from the DEC Recommended Practices on Assessment:
Assessment is the process of gathering information to make decisions. Assessment informs intervention and, as a result, is a critical component of services for young children who have or are at risk for developmental delays/disabilities and their families. In early intervention and early childhood special education, assessment is conducted for the purposes of screening, determining eligibility for services, individualized planning, monitoring child progress, and measuring child outcomes.
This checklist includes key practices that are important for using informed clinical reasoning or informed clinical opinion in evaluation and eligibility determination. This checklist can help individuals and team members insure that the evaluation and assessment informs an accurate eligibility determination.
The checklist can be used to develop a plan to promote a formalized and structured process using informed clinical reasoning when the procedure is used for eligibility determination.
It also can be used for a self-evaluation to determine whether the different practice characteristics were part of using the practice when conducting an eligibility determination.
This checklist includes key practices for engaging families throughout the assessment process. Assessment is the process of gathering information to make informed decisions and is a critical component for intervening with young children who are at risk for developmental delays or have delays/disabilities and their families.
Families are important sources of information about what a child can do, likes to do, is interested in, and how well he/she functions throughout the day. This helps practitioners and families focus on child participation, interaction, and independence in everyday activities that are most meaningful and important to the family.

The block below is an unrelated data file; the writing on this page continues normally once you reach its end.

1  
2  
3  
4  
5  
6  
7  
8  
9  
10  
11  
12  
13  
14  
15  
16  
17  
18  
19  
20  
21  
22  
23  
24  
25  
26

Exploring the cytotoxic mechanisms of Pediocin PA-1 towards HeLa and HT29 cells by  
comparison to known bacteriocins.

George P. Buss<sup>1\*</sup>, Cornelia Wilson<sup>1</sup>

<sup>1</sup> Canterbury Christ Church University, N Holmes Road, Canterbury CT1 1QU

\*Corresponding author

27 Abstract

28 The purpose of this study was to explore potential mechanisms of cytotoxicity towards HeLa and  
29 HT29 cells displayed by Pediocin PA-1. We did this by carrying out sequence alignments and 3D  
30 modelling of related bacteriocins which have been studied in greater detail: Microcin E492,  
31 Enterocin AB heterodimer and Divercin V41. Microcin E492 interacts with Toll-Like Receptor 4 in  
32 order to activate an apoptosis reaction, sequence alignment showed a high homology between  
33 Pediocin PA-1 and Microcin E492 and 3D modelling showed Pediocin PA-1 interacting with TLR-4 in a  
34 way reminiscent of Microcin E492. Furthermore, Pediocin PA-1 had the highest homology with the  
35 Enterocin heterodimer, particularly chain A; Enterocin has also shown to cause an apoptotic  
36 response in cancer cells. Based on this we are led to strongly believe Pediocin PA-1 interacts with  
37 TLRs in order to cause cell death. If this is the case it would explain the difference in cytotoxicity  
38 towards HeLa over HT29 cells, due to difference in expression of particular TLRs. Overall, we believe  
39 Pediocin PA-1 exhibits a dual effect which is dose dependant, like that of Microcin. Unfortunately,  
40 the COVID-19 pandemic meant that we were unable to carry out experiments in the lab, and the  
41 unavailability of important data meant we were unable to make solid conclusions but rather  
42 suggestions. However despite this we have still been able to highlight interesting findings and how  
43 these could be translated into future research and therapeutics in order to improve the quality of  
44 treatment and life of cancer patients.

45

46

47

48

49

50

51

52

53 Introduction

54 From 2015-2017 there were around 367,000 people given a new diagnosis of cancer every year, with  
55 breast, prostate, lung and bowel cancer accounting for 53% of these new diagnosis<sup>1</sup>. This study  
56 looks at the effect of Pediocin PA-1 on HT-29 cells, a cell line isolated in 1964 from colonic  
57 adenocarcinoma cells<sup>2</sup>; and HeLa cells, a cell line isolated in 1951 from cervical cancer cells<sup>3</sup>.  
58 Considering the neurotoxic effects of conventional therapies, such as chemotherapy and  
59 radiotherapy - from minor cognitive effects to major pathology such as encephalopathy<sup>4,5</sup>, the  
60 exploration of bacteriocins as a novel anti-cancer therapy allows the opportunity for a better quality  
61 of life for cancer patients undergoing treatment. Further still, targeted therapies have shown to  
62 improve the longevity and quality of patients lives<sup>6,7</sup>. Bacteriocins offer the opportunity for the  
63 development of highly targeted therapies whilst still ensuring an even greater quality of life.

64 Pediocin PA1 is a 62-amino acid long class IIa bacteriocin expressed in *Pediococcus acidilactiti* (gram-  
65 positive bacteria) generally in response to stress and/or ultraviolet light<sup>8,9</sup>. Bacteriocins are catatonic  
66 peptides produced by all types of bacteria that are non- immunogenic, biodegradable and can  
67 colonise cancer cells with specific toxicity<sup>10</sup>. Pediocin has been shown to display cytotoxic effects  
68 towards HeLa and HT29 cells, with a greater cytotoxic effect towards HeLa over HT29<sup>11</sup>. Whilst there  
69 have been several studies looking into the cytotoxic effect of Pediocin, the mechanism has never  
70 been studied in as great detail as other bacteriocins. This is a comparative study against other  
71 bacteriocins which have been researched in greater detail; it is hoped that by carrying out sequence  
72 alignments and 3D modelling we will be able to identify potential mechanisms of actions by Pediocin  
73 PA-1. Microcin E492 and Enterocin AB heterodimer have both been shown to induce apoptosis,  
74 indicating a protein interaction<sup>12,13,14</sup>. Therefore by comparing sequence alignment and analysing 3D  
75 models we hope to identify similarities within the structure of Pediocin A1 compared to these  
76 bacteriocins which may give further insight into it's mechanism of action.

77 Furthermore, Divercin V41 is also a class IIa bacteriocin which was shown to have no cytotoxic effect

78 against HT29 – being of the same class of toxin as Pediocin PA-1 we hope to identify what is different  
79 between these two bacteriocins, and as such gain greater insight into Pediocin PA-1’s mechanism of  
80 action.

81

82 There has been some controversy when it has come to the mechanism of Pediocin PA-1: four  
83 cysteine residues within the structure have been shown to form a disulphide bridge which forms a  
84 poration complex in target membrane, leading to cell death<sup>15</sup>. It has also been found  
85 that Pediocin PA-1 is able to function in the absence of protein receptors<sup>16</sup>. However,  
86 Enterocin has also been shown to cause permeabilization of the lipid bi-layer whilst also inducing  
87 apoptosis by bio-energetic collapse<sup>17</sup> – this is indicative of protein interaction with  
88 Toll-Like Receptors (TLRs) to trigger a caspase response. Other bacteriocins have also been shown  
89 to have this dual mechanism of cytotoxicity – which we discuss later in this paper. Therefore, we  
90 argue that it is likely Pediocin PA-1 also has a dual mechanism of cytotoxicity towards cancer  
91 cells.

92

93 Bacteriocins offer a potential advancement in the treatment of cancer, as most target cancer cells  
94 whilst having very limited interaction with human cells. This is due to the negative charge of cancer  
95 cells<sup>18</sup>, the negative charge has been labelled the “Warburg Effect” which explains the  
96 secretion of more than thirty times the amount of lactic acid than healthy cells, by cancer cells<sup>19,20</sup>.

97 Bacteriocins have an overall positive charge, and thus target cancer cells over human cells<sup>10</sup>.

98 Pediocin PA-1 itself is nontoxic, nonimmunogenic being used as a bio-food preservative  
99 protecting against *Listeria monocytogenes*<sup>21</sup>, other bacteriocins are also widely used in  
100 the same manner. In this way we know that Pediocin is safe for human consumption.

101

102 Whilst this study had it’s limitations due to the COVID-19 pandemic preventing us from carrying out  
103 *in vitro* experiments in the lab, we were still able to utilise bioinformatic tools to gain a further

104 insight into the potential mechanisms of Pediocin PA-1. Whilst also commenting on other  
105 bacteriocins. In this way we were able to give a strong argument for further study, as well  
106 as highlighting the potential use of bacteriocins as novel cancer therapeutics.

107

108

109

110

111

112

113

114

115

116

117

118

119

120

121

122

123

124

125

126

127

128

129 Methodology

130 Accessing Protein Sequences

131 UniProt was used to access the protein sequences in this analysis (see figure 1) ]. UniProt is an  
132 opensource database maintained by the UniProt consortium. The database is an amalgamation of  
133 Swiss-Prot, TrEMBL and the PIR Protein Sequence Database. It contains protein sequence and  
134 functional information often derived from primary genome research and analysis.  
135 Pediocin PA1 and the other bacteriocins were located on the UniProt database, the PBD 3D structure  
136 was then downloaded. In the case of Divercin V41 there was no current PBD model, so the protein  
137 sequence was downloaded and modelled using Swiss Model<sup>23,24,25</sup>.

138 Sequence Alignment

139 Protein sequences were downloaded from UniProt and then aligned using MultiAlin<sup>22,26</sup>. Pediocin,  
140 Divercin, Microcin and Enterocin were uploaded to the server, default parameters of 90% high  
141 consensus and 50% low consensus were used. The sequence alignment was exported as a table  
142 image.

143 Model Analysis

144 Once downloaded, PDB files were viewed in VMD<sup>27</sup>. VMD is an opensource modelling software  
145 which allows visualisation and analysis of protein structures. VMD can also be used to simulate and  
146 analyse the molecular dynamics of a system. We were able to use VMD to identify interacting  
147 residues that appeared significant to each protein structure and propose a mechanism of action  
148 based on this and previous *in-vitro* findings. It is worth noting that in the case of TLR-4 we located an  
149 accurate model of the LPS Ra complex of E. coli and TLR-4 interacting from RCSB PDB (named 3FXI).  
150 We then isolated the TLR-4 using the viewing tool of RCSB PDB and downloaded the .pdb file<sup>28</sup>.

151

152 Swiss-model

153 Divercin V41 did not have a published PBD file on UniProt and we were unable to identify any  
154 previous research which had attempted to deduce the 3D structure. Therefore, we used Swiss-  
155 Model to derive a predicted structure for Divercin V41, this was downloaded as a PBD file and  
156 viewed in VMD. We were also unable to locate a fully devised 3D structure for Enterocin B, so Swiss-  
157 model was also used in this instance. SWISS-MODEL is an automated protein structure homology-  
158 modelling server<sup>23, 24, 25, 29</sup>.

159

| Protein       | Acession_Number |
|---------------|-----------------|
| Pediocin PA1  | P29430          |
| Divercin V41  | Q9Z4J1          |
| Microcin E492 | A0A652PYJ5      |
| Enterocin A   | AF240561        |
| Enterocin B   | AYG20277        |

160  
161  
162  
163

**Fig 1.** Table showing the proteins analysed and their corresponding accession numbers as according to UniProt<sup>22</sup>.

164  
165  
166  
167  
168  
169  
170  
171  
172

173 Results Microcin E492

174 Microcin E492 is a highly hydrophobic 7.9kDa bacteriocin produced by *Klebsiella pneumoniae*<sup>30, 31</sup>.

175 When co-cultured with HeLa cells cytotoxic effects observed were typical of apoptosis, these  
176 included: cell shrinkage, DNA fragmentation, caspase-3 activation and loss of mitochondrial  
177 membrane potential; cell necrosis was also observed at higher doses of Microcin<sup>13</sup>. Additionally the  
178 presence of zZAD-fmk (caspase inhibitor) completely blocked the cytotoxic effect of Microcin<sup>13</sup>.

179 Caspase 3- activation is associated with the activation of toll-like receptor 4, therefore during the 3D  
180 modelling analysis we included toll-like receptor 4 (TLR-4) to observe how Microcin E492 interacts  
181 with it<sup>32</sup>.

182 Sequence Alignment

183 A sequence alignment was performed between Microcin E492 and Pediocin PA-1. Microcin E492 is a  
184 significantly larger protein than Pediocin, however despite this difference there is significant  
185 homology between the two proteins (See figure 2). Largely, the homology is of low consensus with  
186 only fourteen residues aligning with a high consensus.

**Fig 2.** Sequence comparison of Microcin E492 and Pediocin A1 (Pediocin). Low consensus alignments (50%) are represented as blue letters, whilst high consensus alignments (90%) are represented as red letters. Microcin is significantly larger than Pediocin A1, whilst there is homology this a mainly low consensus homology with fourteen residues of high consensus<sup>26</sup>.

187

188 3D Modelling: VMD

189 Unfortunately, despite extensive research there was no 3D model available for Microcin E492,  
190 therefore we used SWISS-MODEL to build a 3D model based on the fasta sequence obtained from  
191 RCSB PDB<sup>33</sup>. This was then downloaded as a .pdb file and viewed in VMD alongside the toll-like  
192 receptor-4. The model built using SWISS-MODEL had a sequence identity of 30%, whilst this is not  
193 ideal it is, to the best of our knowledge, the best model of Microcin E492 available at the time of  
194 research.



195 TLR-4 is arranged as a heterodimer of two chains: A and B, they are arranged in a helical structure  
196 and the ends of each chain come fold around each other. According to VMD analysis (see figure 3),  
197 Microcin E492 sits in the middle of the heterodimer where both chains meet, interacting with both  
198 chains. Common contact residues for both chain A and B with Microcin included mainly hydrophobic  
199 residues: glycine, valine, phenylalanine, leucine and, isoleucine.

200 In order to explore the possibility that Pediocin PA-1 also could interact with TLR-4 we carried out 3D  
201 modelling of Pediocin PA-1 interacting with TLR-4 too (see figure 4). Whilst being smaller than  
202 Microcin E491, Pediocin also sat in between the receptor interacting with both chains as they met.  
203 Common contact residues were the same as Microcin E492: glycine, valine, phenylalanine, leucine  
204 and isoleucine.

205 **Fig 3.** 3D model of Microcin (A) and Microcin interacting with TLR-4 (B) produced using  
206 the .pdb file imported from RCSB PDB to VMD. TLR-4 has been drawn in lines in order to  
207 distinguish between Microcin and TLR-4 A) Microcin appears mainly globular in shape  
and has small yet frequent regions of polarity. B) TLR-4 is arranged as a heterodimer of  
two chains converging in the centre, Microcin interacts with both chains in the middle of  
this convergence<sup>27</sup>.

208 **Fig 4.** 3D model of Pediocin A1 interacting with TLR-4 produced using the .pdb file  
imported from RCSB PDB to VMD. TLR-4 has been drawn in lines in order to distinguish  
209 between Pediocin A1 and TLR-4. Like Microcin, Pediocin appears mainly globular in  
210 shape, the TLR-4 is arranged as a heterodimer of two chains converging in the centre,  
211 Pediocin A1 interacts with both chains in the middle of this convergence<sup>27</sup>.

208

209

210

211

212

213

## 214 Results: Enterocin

The checklist can be used to develop a plan to improve practitioner’s engagement of families in a child’s assessment process. It also can be used for a self-evaluation to determine whether the different practices were used to engage a family in their child’s assessment.
This checklist includes key characteristics of authentic assessment practices for observing child participation in everyday activities, the real world learning opportunities that occur in the activities, child behavior in the everyday learning opportunities, and the particular learning opportunities that afford a child the richest array of competency-enhancing learning opportunities.
The main focus of authentic assessment practices is identifying the everyday contexts for child learning, the behavior a child will acquire in these settings, and the environmental and interactional/instructional strategies for promoting child competence while engaged in the activities. Authentic assessment links context-specific assessment information to functional intervention practices.
The checklist can be used by a practitioner to develop a plan to conduct an authentic child assessment or to promote a parent or practitioners' understanding and use of this approach to assessment/intervention. It can also be used for a self-evaluation to determine if the key characteristics were used as part of child assessment.